When Should You Refinish Furniture?

Note the original dark colour of this solid oak sideboard. This is a typical finish for pieces of this era therefor it would match well with other pieces from this era.

Note the original dark colour of this solid oak sideboard. This is a typical finish for pieces of this time therefor it would match well with other pieces from this era.

When is it safe to refinish antique furniture?  Most of the time that people ask me this question they are thinking of the effect refinishing their pieces will have on their value at some future date.  They have every right to be concerned.

Refinishing furniture that is valuable, or rare, or just plain collectible as it is, will result in lowering their values. The worst thing that can happen to a piece of antique furniture is to be refinished because the current owner does not like the colour of the original finish. I have seen countless solid oak rocking chairs that were stained with a lurid red mahogany stain that destroys the value of the piece. So what do you do?

Here are a few tips:

  • Find out what you have by doing research online, in books and by visiting antique malls etc. Is the object desirable, collectible, worth significant money? If so, go no further.
  • Get an official appraisal on the piece, for which you will need to pay. If the value or rarity is significant, go no further.
  • Cheaper yet, take pictures of your piece from different angles and show the damage, if any, to a dealer and get their opinion. Ask them what the effect on value would be if you refinished the piece vs. kept it as is. If it was their furniture piece, would they refinish it? Ask several dealers because some dealers only sell antique furniture that looks like it was made yesterday. If the consensus is to leave it as is, go no further.
  • Ask the dealer or appraiser what it might be worth if and when the piece was refinished. Would it add or subtract value?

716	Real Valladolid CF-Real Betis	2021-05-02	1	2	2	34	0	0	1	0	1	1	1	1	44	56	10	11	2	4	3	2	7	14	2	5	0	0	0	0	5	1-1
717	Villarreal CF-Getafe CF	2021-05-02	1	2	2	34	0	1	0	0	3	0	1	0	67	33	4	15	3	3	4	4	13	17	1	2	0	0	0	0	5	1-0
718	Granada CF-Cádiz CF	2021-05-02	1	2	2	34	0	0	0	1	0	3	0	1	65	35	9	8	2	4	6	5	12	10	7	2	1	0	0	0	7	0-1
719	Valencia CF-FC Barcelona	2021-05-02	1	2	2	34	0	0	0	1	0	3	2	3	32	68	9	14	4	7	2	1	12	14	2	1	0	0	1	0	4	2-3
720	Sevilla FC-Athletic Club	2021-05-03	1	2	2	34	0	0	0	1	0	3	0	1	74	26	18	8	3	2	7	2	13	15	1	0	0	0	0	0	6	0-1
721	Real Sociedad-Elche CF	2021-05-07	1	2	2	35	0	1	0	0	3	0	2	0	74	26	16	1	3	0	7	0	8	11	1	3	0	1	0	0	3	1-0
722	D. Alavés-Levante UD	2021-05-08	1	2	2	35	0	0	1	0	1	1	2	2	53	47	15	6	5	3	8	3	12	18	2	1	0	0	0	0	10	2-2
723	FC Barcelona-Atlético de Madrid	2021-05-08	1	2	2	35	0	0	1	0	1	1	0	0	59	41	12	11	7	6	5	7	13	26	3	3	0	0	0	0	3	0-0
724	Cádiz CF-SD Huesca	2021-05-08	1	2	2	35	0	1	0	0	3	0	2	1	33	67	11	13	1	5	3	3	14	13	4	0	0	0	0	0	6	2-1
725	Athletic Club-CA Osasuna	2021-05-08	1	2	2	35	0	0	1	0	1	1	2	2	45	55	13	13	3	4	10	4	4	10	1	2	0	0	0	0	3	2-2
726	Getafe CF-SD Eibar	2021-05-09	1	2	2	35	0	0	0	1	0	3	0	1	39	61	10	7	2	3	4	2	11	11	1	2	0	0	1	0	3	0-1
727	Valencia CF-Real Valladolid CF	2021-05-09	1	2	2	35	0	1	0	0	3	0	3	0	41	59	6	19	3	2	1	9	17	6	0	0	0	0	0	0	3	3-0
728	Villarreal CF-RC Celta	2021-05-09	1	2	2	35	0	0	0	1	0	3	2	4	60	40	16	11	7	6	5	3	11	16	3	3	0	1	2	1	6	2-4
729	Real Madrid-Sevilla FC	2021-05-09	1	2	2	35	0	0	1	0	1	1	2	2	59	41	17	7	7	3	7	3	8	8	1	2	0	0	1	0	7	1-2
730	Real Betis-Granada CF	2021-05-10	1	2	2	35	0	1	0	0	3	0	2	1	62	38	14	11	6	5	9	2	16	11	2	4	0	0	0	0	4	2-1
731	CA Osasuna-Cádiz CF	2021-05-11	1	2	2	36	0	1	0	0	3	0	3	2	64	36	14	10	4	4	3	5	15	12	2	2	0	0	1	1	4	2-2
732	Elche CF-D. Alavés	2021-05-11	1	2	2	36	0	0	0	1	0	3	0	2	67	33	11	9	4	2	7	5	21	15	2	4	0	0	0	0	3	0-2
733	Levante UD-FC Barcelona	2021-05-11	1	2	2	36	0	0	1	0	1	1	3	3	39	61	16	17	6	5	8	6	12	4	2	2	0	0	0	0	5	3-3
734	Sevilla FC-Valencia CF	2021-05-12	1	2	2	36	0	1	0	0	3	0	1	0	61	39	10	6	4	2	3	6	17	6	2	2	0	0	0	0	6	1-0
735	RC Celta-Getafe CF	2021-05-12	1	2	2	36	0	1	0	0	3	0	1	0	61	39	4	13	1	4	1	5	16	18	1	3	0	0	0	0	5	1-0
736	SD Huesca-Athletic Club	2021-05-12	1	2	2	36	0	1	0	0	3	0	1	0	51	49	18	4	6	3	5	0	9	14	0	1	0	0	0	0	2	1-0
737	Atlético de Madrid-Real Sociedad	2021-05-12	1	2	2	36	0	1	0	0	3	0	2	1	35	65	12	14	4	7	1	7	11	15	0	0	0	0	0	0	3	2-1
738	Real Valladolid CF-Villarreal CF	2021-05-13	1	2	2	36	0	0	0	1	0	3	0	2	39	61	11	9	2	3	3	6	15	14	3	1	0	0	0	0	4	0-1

Let’s say that, based on your research,  you’ve decided to refinish the furniture. Now what?

  • Who will do the work? If it’s an inexpensive piece and the surfaces are broad, such as a chest of drawers, you can attempt to do the work yourself. Just make sure that you familiarize yourself with processes and safety procedures.
  • If you decide to pay to get it done, get quotes from furnisher refinishers. Visit their showroom and look at examples of their work, or ask to see pictures of their work. Remember that the value will be adversely affected if the piece is over-finished. I have seen antique tables that were refinished so thoroughly that they looked like reproductions. Refinishers should never touch the underside or back of a piece as that is the first place a collector will look for authentication.
  • Do not listen to the refinisher when they tell you that your piece will double or triple in value after it is refinished. This is sales talk and is usually self serving. After all, in your research you were told what price the piece would fetch if it was refinished.
A clear finish shows off the beautiful colour of the maple but the original finish would have been much darker in the 1940's when this vanity dresser was manufactured.

A clear finish shows off the beautiful colour of the maple but the original finish would have been much darker in the 1940’s when this vanity dresser was manufactured.

You have done all your homework. You decide to have the piece refinished and you have chosen the perfect refinisher. He or she now asks you what stain colour you would like. This is your final test. What do you do?

  • Choose a stain colour that is the absolute closest to the original. Why? Because anyone who, in the future, may be attracted to furniture of the era of your piece will pass it by because the stain colour you chose did not exist at the time of its original manufacture. If you choose a strange stain colour you will have created a duck out of water and no collector will be interested in what you have to sell when the time comes. Stain colours represent specific periods in the history of furniture.
  • Choose a finish coat that is the absolute closest to the original. Does the furniture have  a low lustre finish or a high gloss finish? The trends for different finishes changed with the times and the finish type is part of what makes it belong in a particular era. Never put a high gloss finish on early 20th century solid oak, for example.

After all is said and done, sometimes the best thing you can do for a piece of furniture is to refinish it – especially if the choice is whether to throw it away or continue its useful life with a new finish. However, if you’ve taken the steps above you can rest assured that you are not inadvertently ruining the look and value of a significant antique, and as Martha Stewart once said, “that’s a good thing”.

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